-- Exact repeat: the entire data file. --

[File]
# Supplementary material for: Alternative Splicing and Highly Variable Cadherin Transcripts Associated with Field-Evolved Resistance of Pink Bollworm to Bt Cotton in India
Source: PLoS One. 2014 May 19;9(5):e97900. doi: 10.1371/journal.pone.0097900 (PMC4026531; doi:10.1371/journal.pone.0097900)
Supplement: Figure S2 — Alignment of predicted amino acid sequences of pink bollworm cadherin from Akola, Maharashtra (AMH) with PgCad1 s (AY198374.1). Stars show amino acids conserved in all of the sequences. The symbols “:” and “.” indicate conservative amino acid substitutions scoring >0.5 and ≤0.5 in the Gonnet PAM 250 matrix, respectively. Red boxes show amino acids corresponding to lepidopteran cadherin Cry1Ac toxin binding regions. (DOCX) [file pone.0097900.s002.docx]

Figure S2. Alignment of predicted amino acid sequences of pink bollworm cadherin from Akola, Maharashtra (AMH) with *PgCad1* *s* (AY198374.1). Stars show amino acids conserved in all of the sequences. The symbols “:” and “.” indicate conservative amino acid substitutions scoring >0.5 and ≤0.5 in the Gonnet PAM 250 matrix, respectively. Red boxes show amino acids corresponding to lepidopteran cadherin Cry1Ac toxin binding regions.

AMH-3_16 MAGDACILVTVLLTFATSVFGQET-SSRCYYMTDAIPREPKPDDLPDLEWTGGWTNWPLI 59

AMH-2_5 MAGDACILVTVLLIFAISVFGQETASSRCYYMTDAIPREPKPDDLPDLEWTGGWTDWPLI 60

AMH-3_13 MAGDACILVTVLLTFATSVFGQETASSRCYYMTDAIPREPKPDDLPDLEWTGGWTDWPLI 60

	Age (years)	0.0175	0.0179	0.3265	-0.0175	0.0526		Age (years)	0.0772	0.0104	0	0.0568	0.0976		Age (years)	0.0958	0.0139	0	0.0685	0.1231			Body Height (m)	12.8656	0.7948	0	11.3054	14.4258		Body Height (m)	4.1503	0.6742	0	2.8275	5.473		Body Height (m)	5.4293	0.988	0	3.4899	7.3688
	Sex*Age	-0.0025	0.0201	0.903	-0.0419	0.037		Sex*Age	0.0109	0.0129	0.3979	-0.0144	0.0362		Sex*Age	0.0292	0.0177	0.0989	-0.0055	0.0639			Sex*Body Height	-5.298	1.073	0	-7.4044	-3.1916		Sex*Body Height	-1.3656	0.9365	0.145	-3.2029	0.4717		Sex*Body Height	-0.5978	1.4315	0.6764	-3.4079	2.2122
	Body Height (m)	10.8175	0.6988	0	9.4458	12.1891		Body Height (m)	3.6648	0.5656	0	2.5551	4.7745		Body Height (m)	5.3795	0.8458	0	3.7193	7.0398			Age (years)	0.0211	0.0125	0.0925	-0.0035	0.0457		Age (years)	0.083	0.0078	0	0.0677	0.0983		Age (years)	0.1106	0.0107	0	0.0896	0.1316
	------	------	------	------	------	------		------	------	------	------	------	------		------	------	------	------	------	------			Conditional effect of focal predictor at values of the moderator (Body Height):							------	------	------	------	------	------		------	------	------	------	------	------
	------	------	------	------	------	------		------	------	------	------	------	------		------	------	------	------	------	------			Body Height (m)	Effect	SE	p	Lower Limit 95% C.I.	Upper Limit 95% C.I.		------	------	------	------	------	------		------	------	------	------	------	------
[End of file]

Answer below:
# Supplementary material for: Alternative Splicing and Highly Variable Cadherin Transcripts Associated with Field-Evolved Resistance of Pink Bollworm to Bt Cotton in India
Source: PLoS One. 2014 May 19;9(5):e97900. doi: 10.1371/journal.pone.0097900 (PMC4026531; doi:10.1371/journal.pone.0097900)
Supplement: Figure S2 — Alignment of predicted amino acid sequences of pink bollworm cadherin from Akola, Maharashtra (AMH) with PgCad1 s (AY198374.1). Stars show amino acids conserved in all of the sequences. The symbols “:” and “.” indicate conservative amino acid substitutions scoring >0.5 and ≤0.5 in the Gonnet PAM 250 matrix, respectively. Red boxes show amino acids corresponding to lepidopteran cadherin Cry1Ac toxin binding regions. (DOCX) [file pone.0097900.s002.docx]

Figure S2. Alignment of predicted amino acid sequences of pink bollworm cadherin from Akola, Maharashtra (AMH) with *PgCad1* *s* (AY198374.1). Stars show amino acids conserved in all of the sequences. The symbols “:” and “.” indicate conservative amino acid substitutions scoring >0.5 and ≤0.5 in the Gonnet PAM 250 matrix, respectively. Red boxes show amino acids corresponding to lepidopteran cadherin Cry1Ac toxin binding regions.

AMH-3_16 MAGDACILVTVLLTFATSVFGQET-SSRCYYMTDAIPREPKPDDLPDLEWTGGWTNWPLI 59

AMH-2_5 MAGDACILVTVLLIFAISVFGQETASSRCYYMTDAIPREPKPDDLPDLEWTGGWTDWPLI 60

AMH-3_13 MAGDACILVTVLLTFATSVFGQETASSRCYYMTDAIPREPKPDDLPDLEWTGGWTDWPLI 60

	Age (years)	0.0175	0.0179	0.3265	-0.0175	0.0526		Age (years)	0.0772	0.0104	0	0.0568	0.0976		Age (years)	0.0958	0.0139	0	0.0685	0.1231			Body Height (m)	12.8656	0.7948	0	11.3054	14.4258		Body Height (m)	4.1503	0.6742	0	2.8275	5.473		Body Height (m)	5.4293	0.988	0	3.4899	7.3688
	Sex*Age	-0.0025	0.0201	0.903	-0.0419	0.037		Sex*Age	0.0109	0.0129	0.3979	-0.0144	0.0362		Sex*Age	0.0292	0.0177	0.0989	-0.0055	0.0639			Sex*Body Height	-5.298	1.073	0	-7.4044	-3.1916		Sex*Body Height	-1.3656	0.9365	0.145	-3.2029	0.4717		Sex*Body Height	-0.5978	1.4315	0.6764	-3.4079	2.2122
	Body Height (m)	10.8175	0.6988	0	9.4458	12.1891		Body Height (m)	3.6648	0.5656	0	2.5551	4.7745		Body Height (m)	5.3795	0.8458	0	3.7193	7.0398			Age (years)	0.0211	0.0125	0.0925	-0.0035	0.0457		Age (years)	0.083	0.0078	0	0.0677	0.0983		Age (years)	0.1106	0.0107	0	0.0896	0.1316
	------	------	------	------	------	------		------	------	------	------	------	------		------	------	------	------	------	------			Conditional effect of focal predictor at values of the moderator (Body Height):							------	------	------	------	------	------		------	------	------	------	------	------
	------	------	------	------	------	------		------	------	------	------	------	------		------	------	------	------	------	------			Body Height (m)	Effect	SE	p	Lower Limit 95% C.I.	Upper Limit 95% C.I.		------	------	------	------	------	------		------	------	------	------	------	------